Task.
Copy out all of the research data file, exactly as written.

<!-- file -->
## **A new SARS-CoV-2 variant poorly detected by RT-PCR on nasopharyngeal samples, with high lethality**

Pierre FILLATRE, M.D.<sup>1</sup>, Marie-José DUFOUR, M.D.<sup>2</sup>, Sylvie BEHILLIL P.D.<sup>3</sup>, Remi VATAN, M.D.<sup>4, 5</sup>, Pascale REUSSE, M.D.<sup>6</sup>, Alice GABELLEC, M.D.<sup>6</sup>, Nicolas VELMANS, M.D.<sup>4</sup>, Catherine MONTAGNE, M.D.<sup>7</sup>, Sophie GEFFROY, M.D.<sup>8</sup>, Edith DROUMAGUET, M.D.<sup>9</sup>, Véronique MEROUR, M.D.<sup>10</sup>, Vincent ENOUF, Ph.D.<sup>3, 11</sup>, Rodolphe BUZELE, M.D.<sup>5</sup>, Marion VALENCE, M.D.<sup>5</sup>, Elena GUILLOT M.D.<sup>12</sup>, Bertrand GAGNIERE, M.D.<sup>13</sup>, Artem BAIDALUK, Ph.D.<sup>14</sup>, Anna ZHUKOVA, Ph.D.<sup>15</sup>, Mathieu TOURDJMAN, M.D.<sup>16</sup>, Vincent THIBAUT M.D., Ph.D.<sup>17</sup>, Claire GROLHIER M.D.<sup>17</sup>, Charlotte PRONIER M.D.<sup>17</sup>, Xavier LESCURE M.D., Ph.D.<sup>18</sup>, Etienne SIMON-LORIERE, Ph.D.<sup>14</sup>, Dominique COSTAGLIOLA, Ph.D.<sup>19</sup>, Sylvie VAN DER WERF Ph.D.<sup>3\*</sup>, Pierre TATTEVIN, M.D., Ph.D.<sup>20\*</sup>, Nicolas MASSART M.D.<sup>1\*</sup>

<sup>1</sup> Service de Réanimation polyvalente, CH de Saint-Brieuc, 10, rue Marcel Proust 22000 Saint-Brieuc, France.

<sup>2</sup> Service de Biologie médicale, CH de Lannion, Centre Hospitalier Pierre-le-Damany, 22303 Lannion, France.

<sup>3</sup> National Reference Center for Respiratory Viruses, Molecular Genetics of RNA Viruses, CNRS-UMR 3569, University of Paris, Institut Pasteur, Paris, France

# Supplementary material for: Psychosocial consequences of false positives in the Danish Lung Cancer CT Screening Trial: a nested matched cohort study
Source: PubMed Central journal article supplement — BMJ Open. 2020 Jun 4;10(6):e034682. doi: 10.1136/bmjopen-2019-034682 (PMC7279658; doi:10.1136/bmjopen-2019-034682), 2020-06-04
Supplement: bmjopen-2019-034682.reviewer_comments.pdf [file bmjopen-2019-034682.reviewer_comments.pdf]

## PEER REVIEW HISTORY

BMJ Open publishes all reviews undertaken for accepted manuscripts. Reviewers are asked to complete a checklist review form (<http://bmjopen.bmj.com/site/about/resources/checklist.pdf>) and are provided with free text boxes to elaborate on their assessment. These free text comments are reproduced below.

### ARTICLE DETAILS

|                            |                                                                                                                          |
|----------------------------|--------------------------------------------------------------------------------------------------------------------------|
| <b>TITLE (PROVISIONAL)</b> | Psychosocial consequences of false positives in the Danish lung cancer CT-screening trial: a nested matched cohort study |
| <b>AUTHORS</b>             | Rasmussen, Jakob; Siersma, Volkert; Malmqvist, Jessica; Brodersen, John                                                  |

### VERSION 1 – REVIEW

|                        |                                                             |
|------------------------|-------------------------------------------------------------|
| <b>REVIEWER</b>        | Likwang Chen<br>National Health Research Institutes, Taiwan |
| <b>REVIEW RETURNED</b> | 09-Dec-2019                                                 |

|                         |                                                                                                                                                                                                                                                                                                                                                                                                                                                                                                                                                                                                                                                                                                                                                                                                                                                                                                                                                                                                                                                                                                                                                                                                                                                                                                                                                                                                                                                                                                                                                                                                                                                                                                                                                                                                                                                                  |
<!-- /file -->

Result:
## **A new SARS-CoV-2 variant poorly detected by RT-PCR on nasopharyngeal samples, with high lethality**

Pierre FILLATRE, M.D.<sup>1</sup>, Marie-José DUFOUR, M.D.<sup>2</sup>, Sylvie BEHILLIL P.D.<sup>3</sup>, Remi VATAN, M.D.<sup>4, 5</sup>, Pascale REUSSE, M.D.<sup>6</sup>, Alice GABELLEC, M.D.<sup>6</sup>, Nicolas VELMANS, M.D.<sup>4</sup>, Catherine MONTAGNE, M.D.<sup>7</sup>, Sophie GEFFROY, M.D.<sup>8</sup>, Edith DROUMAGUET, M.D.<sup>9</sup>, Véronique MEROUR, M.D.<sup>10</sup>, Vincent ENOUF, Ph.D.<sup>3, 11</sup>, Rodolphe BUZELE, M.D.<sup>5</sup>, Marion VALENCE, M.D.<sup>5</sup>, Elena GUILLOT M.D.<sup>12</sup>, Bertrand GAGNIERE, M.D.<sup>13</sup>, Artem BAIDALUK, Ph.D.<sup>14</sup>, Anna ZHUKOVA, Ph.D.<sup>15</sup>, Mathieu TOURDJMAN, M.D.<sup>16</sup>, Vincent THIBAUT M.D., Ph.D.<sup>17</sup>, Claire GROLHIER M.D.<sup>17</sup>, Charlotte PRONIER M.D.<sup>17</sup>, Xavier LESCURE M.D., Ph.D.<sup>18</sup>, Etienne SIMON-LORIERE, Ph.D.<sup>14</sup>, Dominique COSTAGLIOLA, Ph.D.<sup>19</sup>, Sylvie VAN DER WERF Ph.D.<sup>3\*</sup>, Pierre TATTEVIN, M.D., Ph.D.<sup>20\*</sup>, Nicolas MASSART M.D.<sup>1\*</sup>

<sup>1</sup> Service de Réanimation polyvalente, CH de Saint-Brieuc, 10, rue Marcel Proust 22000 Saint-Brieuc, France.

<sup>2</sup> Service de Biologie médicale, CH de Lannion, Centre Hospitalier Pierre-le-Damany, 22303 Lannion, France.

<sup>3</sup> National Reference Center for Respiratory Viruses, Molecular Genetics of RNA Viruses, CNRS-UMR 3569, University of Paris, Institut Pasteur, Paris, France

# Supplementary material for: Psychosocial consequences of false positives in the Danish Lung Cancer CT Screening Trial: a nested matched cohort study
Source: PubMed Central journal article supplement — BMJ Open. 2020 Jun 4;10(6):e034682. doi: 10.1136/bmjopen-2019-034682 (PMC7279658; doi:10.1136/bmjopen-2019-034682), 2020-06-04
Supplement: bmjopen-2019-034682.reviewer_comments.pdf [file bmjopen-2019-034682.reviewer_comments.pdf]

## PEER REVIEW HISTORY

BMJ Open publishes all reviews undertaken for accepted manuscripts. Reviewers are asked to complete a checklist review form (<http://bmjopen.bmj.com/site/about/resources/checklist.pdf>) and are provided with free text boxes to elaborate on their assessment. These free text comments are reproduced below.

### ARTICLE DETAILS

|                            |                                                                                                                          |
|----------------------------|--------------------------------------------------------------------------------------------------------------------------|
| <b>TITLE (PROVISIONAL)</b> | Psychosocial consequences of false positives in the Danish lung cancer CT-screening trial: a nested matched cohort study |
| <b>AUTHORS</b>             | Rasmussen, Jakob; Siersma, Volkert; Malmqvist, Jessica; Brodersen, John                                                  |

### VERSION 1 – REVIEW

|                        |                                                             |
|------------------------|-------------------------------------------------------------|
| <b>REVIEWER</b>        | Likwang Chen<br>National Health Research Institutes, Taiwan |
| <b>REVIEW RETURNED</b> | 09-Dec-2019                                                 |

|                         |                                                                                                                                                                                                                                                                                                                                                                                                                                                                                                                                                                                                                                                                                                                                                                                                                                                                                                                                                                                                                                                                                                                                                                                                                                                                                                                                                                                                                                                                                                                                                                                                                                                                                                                                                                                                                                                                  |